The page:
There are some found-footage films out there today which could serve as hopeful signs that the genre isn’t slowly and painfully asphyxiating itself after all. Unfortunately, this is not that film.

At first blush, Unlisted Owner shows signs of promise. Some of the found-footage is reportedly corrupted, and has been reassembled by a team of police technicians – giving rise to a whole host of possibilities for the film to descend into artistic surrealism, sheer horror, or both. Unfortunately, the movie then does none of these things. Instead, what we get is a horror film that is punctuated by unnecessarily distracting camera glitches almost every five minutes, which substitutes tension for frat-boy ribbing and culminates in no real horror except the realisation that seventy-four minutes of your life have been completely wasted.

Unlisted Owner centres around a group of friends who, armed with cameras and plenty of immature high-school level banter, decide to break into a house in suburban Illinois infamous for the murders that took place within its walls. Sound familiar? Of course it does. It’s the premise of pretty much every other found-footage horror movie out there today; one whose commonality in the market today is so prevalent that you’d think it would give Oren Peli sleepless nights about ever having brought the found-footage genre into the spotlight in the first place. Admittedly, the premise alone isn’t enough to immediately disqualify a found-footage horror movie from being any good, Unlisted Owner completely misses any opportunity it has to innovate, and over the course of its sparse runtime it manages to spiral from mediocrity into pure, mind-numbing boredom.

But really, does any of it even matter if all you want is for the credits to roll so you can be free of this movie once and for all?

Disappointingly enough, Unlisted Owner suffers from clunky setup – in the first few scenes alone, the previous occupants of the house state their emotions and positions in life without prompting, feeling more like an impromptu recital of the Ten Commandments than natural exposition. These initial characters don’t even last that long onscreen. All we see of them are vignettes that end in a bloodied arm being dragged offscreen – one of many other ham-fisted horror movie clichés that are rife throughout this film – shedding no real light on the house, the situation, or the lore behind the killer. We are just told, in the strongest manner possible, that People Get Killed Brutally In This House (!!!), and are expected to be interested by virtue of that fact alone. Unfortunately, this isn’t 2009 any more, horror movies have never worked that way, and it becomes painfully clear about ten minutes in that writer-director Jed Brian did not get the memo on either of these matters.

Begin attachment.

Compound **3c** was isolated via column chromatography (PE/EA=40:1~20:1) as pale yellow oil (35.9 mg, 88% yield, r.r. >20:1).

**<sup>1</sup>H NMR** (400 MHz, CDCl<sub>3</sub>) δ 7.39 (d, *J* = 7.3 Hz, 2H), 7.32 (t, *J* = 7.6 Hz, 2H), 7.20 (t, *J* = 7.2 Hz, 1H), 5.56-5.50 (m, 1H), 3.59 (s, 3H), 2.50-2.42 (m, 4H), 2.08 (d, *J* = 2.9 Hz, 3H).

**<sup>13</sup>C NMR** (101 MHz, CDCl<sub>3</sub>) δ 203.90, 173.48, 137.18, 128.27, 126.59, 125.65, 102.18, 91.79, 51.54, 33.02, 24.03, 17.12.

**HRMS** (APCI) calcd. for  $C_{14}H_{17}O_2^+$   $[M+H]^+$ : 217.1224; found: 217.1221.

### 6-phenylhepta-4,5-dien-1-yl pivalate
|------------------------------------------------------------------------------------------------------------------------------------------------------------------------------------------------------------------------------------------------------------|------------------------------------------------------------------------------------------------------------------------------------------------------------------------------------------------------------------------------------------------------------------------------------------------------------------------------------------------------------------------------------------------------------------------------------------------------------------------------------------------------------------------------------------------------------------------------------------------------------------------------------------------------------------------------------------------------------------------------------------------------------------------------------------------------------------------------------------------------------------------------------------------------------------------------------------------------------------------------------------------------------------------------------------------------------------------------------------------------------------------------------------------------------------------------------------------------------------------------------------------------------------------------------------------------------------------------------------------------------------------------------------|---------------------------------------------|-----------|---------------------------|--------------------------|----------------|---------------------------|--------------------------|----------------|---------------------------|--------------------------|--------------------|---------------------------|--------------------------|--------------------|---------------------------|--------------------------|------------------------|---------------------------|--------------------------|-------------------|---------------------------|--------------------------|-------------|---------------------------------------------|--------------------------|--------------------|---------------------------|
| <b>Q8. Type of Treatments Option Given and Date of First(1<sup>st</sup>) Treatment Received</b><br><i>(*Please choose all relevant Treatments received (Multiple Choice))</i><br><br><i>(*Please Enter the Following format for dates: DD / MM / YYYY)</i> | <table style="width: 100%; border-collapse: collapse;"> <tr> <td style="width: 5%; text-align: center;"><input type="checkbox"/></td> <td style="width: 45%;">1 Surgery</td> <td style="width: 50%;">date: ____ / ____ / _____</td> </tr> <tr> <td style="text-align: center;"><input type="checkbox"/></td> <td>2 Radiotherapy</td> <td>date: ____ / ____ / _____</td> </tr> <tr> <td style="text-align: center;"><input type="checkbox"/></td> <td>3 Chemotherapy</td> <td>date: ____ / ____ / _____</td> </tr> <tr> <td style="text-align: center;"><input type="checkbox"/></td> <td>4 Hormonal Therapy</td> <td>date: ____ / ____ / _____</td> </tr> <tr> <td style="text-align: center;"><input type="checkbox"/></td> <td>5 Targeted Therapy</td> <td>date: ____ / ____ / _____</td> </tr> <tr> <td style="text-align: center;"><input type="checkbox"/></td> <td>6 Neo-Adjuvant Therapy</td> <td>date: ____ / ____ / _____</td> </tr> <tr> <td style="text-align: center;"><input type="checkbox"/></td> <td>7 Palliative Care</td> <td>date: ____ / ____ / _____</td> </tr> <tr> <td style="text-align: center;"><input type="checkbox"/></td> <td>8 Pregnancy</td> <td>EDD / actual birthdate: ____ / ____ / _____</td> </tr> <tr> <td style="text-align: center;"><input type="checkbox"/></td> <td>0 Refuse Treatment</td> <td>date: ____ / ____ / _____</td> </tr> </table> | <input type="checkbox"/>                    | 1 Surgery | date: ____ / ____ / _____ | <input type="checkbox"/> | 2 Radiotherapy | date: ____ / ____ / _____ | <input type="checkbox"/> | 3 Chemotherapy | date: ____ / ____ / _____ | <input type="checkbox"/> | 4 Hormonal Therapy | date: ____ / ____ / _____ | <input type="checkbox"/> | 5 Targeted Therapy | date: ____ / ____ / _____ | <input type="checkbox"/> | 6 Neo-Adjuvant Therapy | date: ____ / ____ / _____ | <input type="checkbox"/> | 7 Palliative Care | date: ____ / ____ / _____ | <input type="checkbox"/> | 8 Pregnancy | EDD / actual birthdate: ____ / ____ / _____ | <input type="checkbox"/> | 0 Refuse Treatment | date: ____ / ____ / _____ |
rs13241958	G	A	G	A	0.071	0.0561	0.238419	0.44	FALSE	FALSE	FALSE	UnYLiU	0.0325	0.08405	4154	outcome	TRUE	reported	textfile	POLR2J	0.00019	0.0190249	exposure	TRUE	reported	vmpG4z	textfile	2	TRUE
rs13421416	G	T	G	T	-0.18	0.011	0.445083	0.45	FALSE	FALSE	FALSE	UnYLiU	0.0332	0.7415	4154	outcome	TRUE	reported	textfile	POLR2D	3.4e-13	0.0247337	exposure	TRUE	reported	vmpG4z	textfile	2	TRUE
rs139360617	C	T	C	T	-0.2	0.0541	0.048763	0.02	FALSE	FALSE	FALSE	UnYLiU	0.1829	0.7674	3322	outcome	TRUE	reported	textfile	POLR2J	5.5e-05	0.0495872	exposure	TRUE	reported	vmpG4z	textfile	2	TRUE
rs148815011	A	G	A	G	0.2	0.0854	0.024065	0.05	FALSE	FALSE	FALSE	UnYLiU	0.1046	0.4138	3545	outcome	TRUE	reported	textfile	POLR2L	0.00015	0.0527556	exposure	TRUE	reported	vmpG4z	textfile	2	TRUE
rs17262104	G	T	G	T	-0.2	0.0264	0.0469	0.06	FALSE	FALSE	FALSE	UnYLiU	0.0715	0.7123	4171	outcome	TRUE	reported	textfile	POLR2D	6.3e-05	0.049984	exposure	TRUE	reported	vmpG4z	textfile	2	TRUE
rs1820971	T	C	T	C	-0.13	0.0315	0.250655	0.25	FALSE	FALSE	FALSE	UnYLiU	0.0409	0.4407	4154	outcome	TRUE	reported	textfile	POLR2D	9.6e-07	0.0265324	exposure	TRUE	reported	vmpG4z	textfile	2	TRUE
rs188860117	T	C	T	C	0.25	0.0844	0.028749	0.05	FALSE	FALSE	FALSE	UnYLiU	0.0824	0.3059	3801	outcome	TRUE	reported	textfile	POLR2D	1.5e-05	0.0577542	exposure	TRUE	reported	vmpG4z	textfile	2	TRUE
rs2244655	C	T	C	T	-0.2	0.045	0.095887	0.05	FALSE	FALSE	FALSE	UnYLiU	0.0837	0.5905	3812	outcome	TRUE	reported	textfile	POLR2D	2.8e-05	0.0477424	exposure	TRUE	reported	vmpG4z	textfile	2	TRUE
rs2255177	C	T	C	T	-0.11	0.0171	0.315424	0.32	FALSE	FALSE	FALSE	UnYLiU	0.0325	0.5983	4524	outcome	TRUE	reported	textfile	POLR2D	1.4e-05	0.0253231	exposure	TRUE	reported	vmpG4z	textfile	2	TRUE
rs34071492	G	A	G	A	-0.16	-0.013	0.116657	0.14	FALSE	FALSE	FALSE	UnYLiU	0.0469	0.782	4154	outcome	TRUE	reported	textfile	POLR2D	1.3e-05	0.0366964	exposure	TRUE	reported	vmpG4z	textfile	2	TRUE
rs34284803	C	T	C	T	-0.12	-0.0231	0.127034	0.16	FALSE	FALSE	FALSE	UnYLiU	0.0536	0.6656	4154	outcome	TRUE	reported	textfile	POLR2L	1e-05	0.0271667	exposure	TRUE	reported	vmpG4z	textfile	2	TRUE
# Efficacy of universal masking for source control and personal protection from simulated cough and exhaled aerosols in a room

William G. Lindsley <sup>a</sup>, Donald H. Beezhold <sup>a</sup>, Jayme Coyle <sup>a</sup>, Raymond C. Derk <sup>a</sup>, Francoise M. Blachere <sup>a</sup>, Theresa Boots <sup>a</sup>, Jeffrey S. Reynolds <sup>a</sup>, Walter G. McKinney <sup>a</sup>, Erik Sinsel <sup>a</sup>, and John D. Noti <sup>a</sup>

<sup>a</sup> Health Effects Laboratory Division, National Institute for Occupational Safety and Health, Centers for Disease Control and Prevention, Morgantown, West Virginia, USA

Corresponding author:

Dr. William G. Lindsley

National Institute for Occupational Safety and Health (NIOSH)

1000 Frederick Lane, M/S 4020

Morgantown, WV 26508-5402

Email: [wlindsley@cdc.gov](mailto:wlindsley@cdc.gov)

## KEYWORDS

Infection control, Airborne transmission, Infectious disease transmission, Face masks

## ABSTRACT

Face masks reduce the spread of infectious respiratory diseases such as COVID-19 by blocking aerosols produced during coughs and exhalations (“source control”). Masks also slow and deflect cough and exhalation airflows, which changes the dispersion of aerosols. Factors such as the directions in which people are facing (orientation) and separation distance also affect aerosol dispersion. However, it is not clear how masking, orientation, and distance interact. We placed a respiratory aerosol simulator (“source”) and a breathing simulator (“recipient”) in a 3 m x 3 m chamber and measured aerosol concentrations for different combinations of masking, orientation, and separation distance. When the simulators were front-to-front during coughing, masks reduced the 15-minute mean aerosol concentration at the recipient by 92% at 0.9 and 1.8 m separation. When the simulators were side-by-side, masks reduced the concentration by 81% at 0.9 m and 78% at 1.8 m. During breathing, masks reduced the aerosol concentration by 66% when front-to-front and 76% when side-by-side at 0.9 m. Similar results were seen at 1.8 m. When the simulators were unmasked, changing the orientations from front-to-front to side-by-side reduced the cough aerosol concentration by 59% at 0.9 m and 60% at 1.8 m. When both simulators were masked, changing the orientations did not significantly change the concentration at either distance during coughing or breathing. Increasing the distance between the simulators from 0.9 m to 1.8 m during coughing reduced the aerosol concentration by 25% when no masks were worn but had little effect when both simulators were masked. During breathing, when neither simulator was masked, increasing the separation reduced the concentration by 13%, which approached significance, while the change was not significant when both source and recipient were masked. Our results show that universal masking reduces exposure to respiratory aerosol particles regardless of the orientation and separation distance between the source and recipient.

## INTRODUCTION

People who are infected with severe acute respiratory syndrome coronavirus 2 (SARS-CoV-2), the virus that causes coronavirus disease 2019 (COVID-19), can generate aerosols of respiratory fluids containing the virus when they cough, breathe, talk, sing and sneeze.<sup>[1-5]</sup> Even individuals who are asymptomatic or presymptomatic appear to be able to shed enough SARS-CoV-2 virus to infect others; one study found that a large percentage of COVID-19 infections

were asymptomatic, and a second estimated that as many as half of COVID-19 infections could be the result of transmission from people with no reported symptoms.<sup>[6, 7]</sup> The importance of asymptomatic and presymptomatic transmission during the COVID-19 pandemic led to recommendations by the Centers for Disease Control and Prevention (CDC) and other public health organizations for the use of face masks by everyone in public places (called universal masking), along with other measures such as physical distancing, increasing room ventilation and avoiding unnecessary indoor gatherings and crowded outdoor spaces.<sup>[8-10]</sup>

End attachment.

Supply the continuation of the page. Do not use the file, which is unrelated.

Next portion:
The characters in Unlisted Owner are also nearly indistinguishable – the men all speak in the same overly assertive, college-jock fashion, and the two women accompanying them on their fateful trip seem to be missing any kind of personality altogether. Neither do their interactions add anything to the film, or the suspense it should be building. For a solid thirty minutes, the film consists of nothing but arguments and scuffles that would have been better suited to a sitcom about high-school teenagers. When we do finally get to the slew of killings captured on camera, it’s almost a relief to be rid of the incessant jostling and jeering from overgrown boys in flannels and backwards caps. Sure, we still don’t know much about the killer, nor are we invested in any of the victims he polishes off over the course of the film. But really, does any of it even matter if all you want is for the credits to roll so you can be free of this movie once and for all?

Perhaps some of these blunders can be forgiven in light of Unlisted Owner being Jed Brian’s first film, but even then, it is a film nigh on unwatchable. In fact, if there is anything we should take from Unlisted Owner, it is that sometimes, the most horrific movies out there are not the ones with the most unspeakable acts in them, but the ones in which nothing much happens at all.


Image: Lawford County Productions

Deputy Arts Editor
When EJ Oakley isn’t shedding bitter tears over her law degree or loitering near Jeremy Bentham’s mummified corpse, she enjoys immersing herself in music, film and TV, art, and video games. She owns one too many baseball jerseys.

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